They say the only constant thing is change. And sometimes in a year like this, change comes like a big wave carrying along with it all boats. Apart from natural phenomenon and situations beyond the company’s control, companies have to keep evolving because of several key reasons;
- Emerging business models
- Technological advancements
- Changing demographics & behaviours
- To be innovative & stay competitive
At the root of all this is HR because as Steve Wynne said, “Human Resources isn’t a thing we do. It’s the thing that runs our business.” The following piece seeks to address the changing face of the workplace. These changes affect both how HR in itself is organised & delivers value as well as Workforce Planning. As KPMG noted in the Future of HR 2020 report, HR has to rethink its goals, capabilities & how it can shape the organisation of the future.
Three-quarters (76 per cent) of Pathfinding HR organizations agree that HR needs actively to challenge the future workforce composition (who to buy, build, borrow, bot) in order to meet the future needs of their organizations.
Workforce planning involves HR thinking about the shape, size, composition, and skills of the organisation’s workforce in 5–8 years time. A second report reveals how the organisation that will win are those who can strategically & tactically plan their workforce.
this new currency of skills is going to have an increasingly significant impact on workforce planning (skills for the future, mix: build, buy, borrow or bot), learning (reskilling, learning and unlearning), talent acquisition (location strategy, brand, talent pooling) and M&A strategy.
The future of work is already here as we’ve started to see and only the companies that prepare & innovate can not only survive but thrive if they plan talent around the four Bs;
“When you’re finished changing, you’re finished” — Benjamin Franklin
Not only is learning & development one of the most attractive things candidates look for when job searching, but it’s also one of the fastest-growing sectors in HR because of the very many benefits it brings to companies. Most of the times it is cheaper to build capabilities from within than hire new people. The latest Linkedin Learning report also reveals that leaders and HR Managers are investing more in L&D because of its long term strategic benefits which is one of HR’s top priorities. If HR can align learning to the business goals & future strategies, it will prove more relevant to the org & its employees in the near & short term. The L&D market has also considerably grown over the last couple of years & with new technologies, HR can now deliver & measure L&D better. Whether you also build this capacity internally by building your own Learning platforms & capacity or you choose to plug employees into the various free & paid tools and resources available online & offline, building & growing your internal workforce is always a sure bet. Sir Richard Branson famously said, “Train people well enough so they can leave. Treat them well enough so they don’t want to.” And just like any other business function, keep an eye out for trends and how L&D is evolving over time.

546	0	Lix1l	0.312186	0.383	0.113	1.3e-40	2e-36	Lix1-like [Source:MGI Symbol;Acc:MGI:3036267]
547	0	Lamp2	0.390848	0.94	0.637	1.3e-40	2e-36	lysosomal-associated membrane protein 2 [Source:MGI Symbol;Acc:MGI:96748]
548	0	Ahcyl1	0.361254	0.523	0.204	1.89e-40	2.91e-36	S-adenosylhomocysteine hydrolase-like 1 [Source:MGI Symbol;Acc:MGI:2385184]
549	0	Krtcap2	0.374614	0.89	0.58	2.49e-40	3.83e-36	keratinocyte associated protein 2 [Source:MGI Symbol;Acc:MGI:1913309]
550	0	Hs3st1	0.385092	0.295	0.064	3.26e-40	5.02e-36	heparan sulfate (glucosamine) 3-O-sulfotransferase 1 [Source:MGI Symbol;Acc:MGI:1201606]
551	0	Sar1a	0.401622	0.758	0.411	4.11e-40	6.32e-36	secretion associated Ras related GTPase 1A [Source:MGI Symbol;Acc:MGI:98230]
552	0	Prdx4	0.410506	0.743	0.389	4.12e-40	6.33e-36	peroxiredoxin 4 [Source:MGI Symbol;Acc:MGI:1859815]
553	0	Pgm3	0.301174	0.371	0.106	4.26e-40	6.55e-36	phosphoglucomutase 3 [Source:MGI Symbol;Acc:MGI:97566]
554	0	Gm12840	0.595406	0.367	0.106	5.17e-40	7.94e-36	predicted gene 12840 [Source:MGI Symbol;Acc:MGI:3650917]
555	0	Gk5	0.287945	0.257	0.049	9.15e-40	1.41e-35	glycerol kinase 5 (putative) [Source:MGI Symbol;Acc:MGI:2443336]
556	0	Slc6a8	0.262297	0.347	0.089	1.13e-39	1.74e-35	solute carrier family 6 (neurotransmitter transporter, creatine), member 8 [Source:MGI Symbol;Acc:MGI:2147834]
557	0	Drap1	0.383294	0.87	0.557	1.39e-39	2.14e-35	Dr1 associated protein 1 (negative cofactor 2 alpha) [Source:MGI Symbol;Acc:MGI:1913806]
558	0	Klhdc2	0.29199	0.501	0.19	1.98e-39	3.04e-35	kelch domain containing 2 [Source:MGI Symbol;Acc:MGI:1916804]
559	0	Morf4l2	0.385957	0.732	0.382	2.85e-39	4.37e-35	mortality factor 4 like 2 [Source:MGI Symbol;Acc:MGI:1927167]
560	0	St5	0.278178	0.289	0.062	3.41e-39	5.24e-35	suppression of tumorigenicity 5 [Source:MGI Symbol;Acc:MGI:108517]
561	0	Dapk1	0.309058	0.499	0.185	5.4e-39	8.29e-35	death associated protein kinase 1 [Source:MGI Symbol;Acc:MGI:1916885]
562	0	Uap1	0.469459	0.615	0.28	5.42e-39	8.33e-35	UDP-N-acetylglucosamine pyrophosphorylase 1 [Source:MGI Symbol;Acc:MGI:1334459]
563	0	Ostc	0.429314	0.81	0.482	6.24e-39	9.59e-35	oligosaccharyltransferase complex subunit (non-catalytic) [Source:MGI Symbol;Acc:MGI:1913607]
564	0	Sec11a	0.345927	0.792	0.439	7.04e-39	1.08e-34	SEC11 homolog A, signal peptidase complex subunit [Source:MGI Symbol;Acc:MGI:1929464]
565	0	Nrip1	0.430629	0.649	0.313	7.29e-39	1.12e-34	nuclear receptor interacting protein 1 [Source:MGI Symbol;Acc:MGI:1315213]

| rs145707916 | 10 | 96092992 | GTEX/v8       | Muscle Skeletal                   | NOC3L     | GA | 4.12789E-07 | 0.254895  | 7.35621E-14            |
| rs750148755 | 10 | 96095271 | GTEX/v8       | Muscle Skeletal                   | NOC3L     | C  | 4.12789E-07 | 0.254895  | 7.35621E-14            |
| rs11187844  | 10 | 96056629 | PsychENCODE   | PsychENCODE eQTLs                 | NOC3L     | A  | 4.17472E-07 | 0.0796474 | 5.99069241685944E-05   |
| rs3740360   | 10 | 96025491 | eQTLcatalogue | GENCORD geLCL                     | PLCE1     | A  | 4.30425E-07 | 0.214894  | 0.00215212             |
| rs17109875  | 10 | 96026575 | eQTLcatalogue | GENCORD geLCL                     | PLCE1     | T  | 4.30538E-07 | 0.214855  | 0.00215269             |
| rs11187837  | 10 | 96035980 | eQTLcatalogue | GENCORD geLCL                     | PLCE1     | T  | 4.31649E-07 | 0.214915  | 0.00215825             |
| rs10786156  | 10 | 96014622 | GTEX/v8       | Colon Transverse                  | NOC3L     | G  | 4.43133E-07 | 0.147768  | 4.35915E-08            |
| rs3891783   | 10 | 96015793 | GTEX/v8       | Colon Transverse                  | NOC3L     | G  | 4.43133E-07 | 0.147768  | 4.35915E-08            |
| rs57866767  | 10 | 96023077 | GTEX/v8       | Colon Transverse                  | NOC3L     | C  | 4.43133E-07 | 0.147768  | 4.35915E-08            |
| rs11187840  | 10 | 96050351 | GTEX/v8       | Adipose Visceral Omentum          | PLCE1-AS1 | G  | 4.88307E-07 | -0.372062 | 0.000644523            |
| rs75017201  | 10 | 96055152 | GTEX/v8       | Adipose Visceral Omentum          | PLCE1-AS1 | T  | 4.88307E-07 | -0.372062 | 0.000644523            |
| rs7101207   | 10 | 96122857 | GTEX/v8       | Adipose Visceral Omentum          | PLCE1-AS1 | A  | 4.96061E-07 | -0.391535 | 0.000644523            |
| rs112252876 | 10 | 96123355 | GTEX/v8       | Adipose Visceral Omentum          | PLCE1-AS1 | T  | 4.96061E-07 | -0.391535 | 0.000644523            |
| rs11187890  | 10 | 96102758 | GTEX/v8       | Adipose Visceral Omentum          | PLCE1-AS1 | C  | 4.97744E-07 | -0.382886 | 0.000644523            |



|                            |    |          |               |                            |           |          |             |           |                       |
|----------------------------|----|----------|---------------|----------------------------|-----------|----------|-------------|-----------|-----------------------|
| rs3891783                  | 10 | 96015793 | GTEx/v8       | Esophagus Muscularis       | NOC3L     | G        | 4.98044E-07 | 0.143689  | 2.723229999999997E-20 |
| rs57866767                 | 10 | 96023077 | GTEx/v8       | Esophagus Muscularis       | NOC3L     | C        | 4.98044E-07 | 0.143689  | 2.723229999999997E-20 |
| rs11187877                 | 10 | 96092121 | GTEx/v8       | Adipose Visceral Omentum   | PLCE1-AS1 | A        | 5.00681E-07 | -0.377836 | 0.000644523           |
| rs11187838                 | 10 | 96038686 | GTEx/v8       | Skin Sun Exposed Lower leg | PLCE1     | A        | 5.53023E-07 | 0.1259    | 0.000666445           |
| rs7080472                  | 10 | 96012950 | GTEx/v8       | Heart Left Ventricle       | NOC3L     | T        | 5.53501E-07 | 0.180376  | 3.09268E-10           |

Workplace Learning Report 2020 | LinkedIn Learning
What we found in our 4th annual survey will surprise you. L&D professionals, people managers, and learners reveal their…
There has never been a larger availability of workers like today. And this is estimated to grow worldwide with Africa taking the lead. The number of available employees worldwide will rise an estimated 29% to 6.5 billion from 5 billion by the end of the century. Africa’s share will jump to more than a third around 2100 from almost 15% currently, according to the Bloomberg analysis. The continent’s working-age population will grow by 2 billion to 2.75 billion in the next 80 years, while Asia’s will decline by 415 million, or 13%, the projections show. Africa will also not only have the largest workforce but also the youngest as well making it a great source of hires for many. Africa has two of the critical components needed in a successful talent marketplace as shown here in this future of work Ted Talk. i.e Availability & Abundance. However, talent acquisition is super competitive despite the abundant supply because of a lack of quality of skills especially for certain roles like emerging technologies such as AI or the mismatch between education & what employers are looking for and the changing demands of a growing millennial workforce that will by 2025 form the largest group. This challenge is why employer branding has become key for hiring managers worldwide as the competition for the best intensifies. So if recruiting is the most viable option for you now, check out our blog resources here on how to supercharge your hiring.
If we can’t/shouldn’t buy or build it, maybe we can borrow it. Because of the large supply of workers & better technology giving us access, companies can now outsource entire tasks or functions to ‘outsiders’. Outsourcing isn’t a new thing in HR as it’s one of the most cost-effective ways to reduce costs while achieving business goals.